Bruins 3, Islanders 2 (OT)

Patrice Bergeron, Bruins prevail in overtime

The Bruins’ Patrice Bergeron (left) celebrates his game-winning goal with David Pastrnak.
The Bruins’ Patrice Bergeron (left) celebrates his game-winning goal with David Pastrnak. Bruce Bennett/Getty Images/Getty Images

NEW YORK — Charlie McAvoy unwrapped the ice bag on his leg, showered, changed into a suit and met with reporters. He was due for more ice, and some rest.

“I’ve felt better,” said McAvoy. “You’ve got to take care of your body. I’ll start that right now, and get ready for the next game.”

In a meat grinder of a date with the Islanders, McAvoy and the Bruins emerged with a 3-2 overtime win at Barclays Center on Saturday, erasing the memories of a tilted first period and a lost third-period lead.

With 3:27 left in OT, Patrice Bergeron had time to collect the puck in the slot, rear back, and fire past Semyon Varlamov, giving Boston (27-8-11) its third straight win to open a three-game road trip.


“We won an overtime game,” McAvoy noted with a smile. It was the first time the Bruins won in extras since Nov. 29, when they beat the Rangers at home. They improved to 3-5 in overtime. They remain 0-6 in shootouts. That’s a problem for another day.

“That thing kind of takes on a life of its own,” defenseman John Moore said. “But if you battle, you work hard, things seem to go your way in this league. We got rewarded and we got a power play. Our power play is what it is.”

Which is to say it is capable, efficient and talented. Brad Marchand drew a tripping call 40 seconds into overtime, causing Islander Brock Nelson to stick out his foot as he performed a spin-o-rama past him.

Torey Krug carried into the zone, drew a pair of Islanders toward him, and sent a centering feed to Bergeron, who scored his 19th of the year. The Bruins (1 for 2) produced a power-play goal for a club-record 13th game in a row (15 for 48, 31.3 percent).


Moore and Jake DeBrusk also scored for the Bruins, who were fortunate to escape the first period down, 1-0, on a goal from Islanders defenseman Scott Mayfield at 4:36. The visitors were outshot, 14-5, and Tuukka Rask (35 saves) faced a firing squad.

“We were kind of crummy early on,” Bruins coach Bruce Cassidy said. “Then we got going.”

A late-period penalty kill helped, a stint in which the Bruins (1 for 1 on the PK) allowed zero shots. Clear-headed after intermission, DeBrusk tied the game at 8:33 of the second, pouncing on a sharp-angle rebound that clanked off Mayfield and eluded Varlamov (30 saves). It was the third in two games for DeBrusk (14 goals), who factored in the final four goals of Thursday’s win over Winnipeg.

McAvoy, still without a goal on the year, made the goal happen by activating from his own blue line, taking a feathery cross-ice pass from David Krejci, and taking the open ice in front of him. He cut into the slot and put a shot on goal through traffic. McAvoy (0-16—16 in 43 games) played nearly half the game (28 minutes, 53 seconds), landed five hits and blocked four shots. He also stabbed the puck out of midair on a 2 on 1 against in the second period, which was a relief for him.

“I worked on that in practice,” said McAvoy, beat for the winning goal in Boston’s most recent overtime loss, Jan. 2 against the Blue Jackets. “I got backdoored good in that Columbus game.”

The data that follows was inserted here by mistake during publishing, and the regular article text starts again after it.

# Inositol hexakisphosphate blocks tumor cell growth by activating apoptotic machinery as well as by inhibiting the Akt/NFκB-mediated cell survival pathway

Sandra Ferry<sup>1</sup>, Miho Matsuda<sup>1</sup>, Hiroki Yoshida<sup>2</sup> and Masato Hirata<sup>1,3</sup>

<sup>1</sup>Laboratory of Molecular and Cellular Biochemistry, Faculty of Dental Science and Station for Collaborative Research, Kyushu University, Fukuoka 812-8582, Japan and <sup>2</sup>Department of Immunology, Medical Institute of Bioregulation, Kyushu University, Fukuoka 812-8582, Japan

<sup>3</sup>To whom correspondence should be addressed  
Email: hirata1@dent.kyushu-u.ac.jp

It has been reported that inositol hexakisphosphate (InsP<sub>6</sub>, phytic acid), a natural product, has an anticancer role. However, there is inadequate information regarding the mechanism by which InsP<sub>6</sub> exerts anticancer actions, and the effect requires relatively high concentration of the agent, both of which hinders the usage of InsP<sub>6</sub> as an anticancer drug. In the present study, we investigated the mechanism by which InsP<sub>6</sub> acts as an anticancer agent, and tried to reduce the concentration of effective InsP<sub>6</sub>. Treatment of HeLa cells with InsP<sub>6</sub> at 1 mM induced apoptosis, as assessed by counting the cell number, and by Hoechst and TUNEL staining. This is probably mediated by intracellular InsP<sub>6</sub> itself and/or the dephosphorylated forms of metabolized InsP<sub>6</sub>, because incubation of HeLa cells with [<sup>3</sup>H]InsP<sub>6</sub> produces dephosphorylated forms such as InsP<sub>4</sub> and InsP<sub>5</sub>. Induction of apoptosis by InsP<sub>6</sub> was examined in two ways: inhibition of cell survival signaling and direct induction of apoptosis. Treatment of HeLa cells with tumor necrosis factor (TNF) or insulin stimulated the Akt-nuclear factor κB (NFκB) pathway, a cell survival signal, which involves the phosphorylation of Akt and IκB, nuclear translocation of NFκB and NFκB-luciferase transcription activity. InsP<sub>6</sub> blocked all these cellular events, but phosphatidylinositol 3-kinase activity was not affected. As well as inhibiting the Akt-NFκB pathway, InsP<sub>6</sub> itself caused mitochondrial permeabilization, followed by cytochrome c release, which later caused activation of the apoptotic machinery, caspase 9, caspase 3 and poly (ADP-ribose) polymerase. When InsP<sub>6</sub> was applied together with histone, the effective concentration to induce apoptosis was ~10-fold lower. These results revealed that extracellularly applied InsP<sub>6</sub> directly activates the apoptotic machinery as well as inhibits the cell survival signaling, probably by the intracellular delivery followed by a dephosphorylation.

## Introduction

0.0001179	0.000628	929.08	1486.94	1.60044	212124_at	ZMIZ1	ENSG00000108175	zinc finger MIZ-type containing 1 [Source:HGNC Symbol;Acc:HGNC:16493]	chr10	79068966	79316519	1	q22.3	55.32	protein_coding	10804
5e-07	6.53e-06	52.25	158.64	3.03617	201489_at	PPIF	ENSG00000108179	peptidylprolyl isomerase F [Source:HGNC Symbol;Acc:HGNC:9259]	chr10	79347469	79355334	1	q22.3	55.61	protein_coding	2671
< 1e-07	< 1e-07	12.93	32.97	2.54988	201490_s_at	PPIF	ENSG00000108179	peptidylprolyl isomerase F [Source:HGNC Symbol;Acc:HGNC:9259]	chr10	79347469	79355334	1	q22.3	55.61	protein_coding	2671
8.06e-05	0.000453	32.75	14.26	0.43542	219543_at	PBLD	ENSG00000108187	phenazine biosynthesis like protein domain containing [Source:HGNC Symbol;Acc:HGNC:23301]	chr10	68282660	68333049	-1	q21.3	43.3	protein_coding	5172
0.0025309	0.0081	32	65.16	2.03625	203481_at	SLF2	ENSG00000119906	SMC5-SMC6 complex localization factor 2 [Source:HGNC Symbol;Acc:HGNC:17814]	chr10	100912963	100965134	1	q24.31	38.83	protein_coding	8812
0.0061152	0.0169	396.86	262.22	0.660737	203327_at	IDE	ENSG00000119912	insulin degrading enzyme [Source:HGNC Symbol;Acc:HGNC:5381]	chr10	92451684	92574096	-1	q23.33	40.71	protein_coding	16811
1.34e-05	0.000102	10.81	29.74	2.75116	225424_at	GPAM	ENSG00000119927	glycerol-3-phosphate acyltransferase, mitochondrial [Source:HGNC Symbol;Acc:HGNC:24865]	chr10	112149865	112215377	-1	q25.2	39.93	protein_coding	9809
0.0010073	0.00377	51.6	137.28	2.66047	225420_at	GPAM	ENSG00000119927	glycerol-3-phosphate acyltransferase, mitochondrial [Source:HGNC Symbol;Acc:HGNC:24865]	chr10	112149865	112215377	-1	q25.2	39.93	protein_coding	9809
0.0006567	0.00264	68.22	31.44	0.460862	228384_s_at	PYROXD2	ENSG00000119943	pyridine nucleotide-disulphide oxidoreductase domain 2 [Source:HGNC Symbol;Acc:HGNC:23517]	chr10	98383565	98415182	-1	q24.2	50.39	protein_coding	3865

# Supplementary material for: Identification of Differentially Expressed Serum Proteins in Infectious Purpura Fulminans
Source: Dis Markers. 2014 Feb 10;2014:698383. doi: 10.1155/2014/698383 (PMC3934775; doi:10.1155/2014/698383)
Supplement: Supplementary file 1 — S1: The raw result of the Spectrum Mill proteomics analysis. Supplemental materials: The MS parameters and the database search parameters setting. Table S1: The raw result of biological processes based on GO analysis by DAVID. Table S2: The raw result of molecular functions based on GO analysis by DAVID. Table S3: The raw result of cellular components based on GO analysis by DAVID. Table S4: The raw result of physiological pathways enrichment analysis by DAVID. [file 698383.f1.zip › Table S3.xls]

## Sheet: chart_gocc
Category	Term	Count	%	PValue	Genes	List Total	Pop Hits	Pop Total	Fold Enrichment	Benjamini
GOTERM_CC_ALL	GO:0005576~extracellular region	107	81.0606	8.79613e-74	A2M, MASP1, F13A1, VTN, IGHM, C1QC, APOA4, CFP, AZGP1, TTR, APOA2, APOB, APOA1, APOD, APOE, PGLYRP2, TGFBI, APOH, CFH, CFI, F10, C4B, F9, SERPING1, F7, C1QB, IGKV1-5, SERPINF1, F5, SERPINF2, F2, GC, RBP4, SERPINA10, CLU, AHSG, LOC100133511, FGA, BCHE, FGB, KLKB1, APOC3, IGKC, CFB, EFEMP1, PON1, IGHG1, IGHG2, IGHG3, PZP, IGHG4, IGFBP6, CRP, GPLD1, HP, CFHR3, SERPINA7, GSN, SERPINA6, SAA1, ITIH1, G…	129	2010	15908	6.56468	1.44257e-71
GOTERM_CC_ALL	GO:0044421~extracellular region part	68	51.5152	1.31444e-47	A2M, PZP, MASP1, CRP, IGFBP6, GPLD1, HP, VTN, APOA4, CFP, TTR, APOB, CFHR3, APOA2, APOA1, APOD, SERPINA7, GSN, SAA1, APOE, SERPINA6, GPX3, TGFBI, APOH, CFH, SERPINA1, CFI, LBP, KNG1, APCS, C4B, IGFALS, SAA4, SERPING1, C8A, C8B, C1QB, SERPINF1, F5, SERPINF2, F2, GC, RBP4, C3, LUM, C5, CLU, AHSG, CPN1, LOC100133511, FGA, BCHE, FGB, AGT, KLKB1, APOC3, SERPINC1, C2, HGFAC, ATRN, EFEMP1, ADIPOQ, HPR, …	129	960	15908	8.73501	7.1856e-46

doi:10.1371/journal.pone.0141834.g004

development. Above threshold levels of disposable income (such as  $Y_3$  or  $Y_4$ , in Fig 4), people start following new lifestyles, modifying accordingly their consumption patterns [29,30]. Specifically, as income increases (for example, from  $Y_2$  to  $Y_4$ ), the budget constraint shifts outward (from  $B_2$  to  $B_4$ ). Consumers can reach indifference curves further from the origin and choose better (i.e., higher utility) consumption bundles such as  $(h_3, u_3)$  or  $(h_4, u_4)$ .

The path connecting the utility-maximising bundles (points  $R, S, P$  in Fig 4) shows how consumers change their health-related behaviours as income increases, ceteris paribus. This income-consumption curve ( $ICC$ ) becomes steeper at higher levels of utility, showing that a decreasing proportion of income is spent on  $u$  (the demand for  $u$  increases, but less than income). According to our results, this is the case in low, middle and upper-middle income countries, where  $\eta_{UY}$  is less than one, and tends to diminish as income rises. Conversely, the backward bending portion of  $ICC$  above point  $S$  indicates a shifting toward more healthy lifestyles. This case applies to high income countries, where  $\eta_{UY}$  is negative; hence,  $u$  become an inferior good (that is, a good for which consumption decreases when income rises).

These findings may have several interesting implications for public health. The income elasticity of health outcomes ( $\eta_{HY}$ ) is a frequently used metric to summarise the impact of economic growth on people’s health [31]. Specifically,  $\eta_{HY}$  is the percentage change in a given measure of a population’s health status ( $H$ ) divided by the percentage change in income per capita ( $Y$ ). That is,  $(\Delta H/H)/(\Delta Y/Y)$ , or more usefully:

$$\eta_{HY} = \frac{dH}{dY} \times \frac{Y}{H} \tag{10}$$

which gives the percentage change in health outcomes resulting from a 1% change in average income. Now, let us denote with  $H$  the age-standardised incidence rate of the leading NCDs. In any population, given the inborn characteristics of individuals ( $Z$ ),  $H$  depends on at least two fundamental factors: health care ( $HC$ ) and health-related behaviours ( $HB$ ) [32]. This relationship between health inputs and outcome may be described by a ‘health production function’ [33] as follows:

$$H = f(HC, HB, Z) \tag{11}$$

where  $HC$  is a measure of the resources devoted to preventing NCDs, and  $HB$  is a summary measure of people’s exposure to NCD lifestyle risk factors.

Moore gave the Bruins a 2-1 lead at 5:48 of the third, firing an icebound shot through a screen set by Brett Ritchie.

John Moore celebrates his third-period goal.
John Moore celebrates his third-period goal.Bruce Bennett/Getty Images/Getty Images

The Bruins lost the lead on Mathew Barzal’s goal at 9:33 of the third. Barzal escaped from David Krejci in the slot, and Josh Bailey found him with a centering pass.

“They played heavy, we responded, there were momentum swings both ways,” Moore said. “If not for Tuukka in that first 20, you wonder where we’d be. You don’t want to stick with that recipe.”

Boston, which continues a three-game road set at Philadelphia (Monday) and finishes in Columbus (Tuesday), left Brooklyn with a few bumps and bruises.

Saturday, the Islanders blocked 19 shots, the Bruins 18. Johnny Boychuk, the jovial former Bruins defenseman nicknamed “Johnny Rocket,” dropped McAvoy and Joakim Nordstrom with slappers. “Undercover bad guy,” Marchand cracked. Neither felled Bruin missed a shift.

Others weren’t as lucky. Matt Grzelcyk’s night ended 5:25 in, when the defenseman took an uncalled slash to the back of the leg from New York’s Derick Brassard. Grzelcyk, who appeared to have lower body issues even before that slash, went for X-rays Saturday.

Before the Bergeron winner, unfortunate Islanders penalty killer Casey Cizikas deflected a David Pastrnak slapper into his own groin. Cizikas left under his own power.

New York outshot Boston, 37-33. The Islanders (27-12-4), fourth in the league in goals against (2.56 per game), don’t typically allow quality or quantity. Neither do the Bruins (second; 2.46). Natural Stat Trick recorded the scoring chances at 37-29, Islanders.


Bruins goaltender Tuukka Rask (40) stops a shot on goal by the Islanders' Anthony Beauvillier in the second period.
Bruins goaltender Tuukka Rask (40) stops a shot on goal by the Islanders' Anthony Beauvillier in the second period. Frank Franklin II/Associated Press/Associated Press

“I thought it was a great game tonight,” Bergeron said. “It was fun to be a part of it. Even though it was a low-scoring game, there were a lot of things happening. I thought both teams were skating well, creating, but also tight checking, not much space out there. That’s what we’re going to see down the road.”

He was referring to the playoffs, where the bruises and ice bags pile up, and these teams could meet again.

Matt Porter can be reached at matthew.porter@globe.com. Follow him on Twitter @mattyports.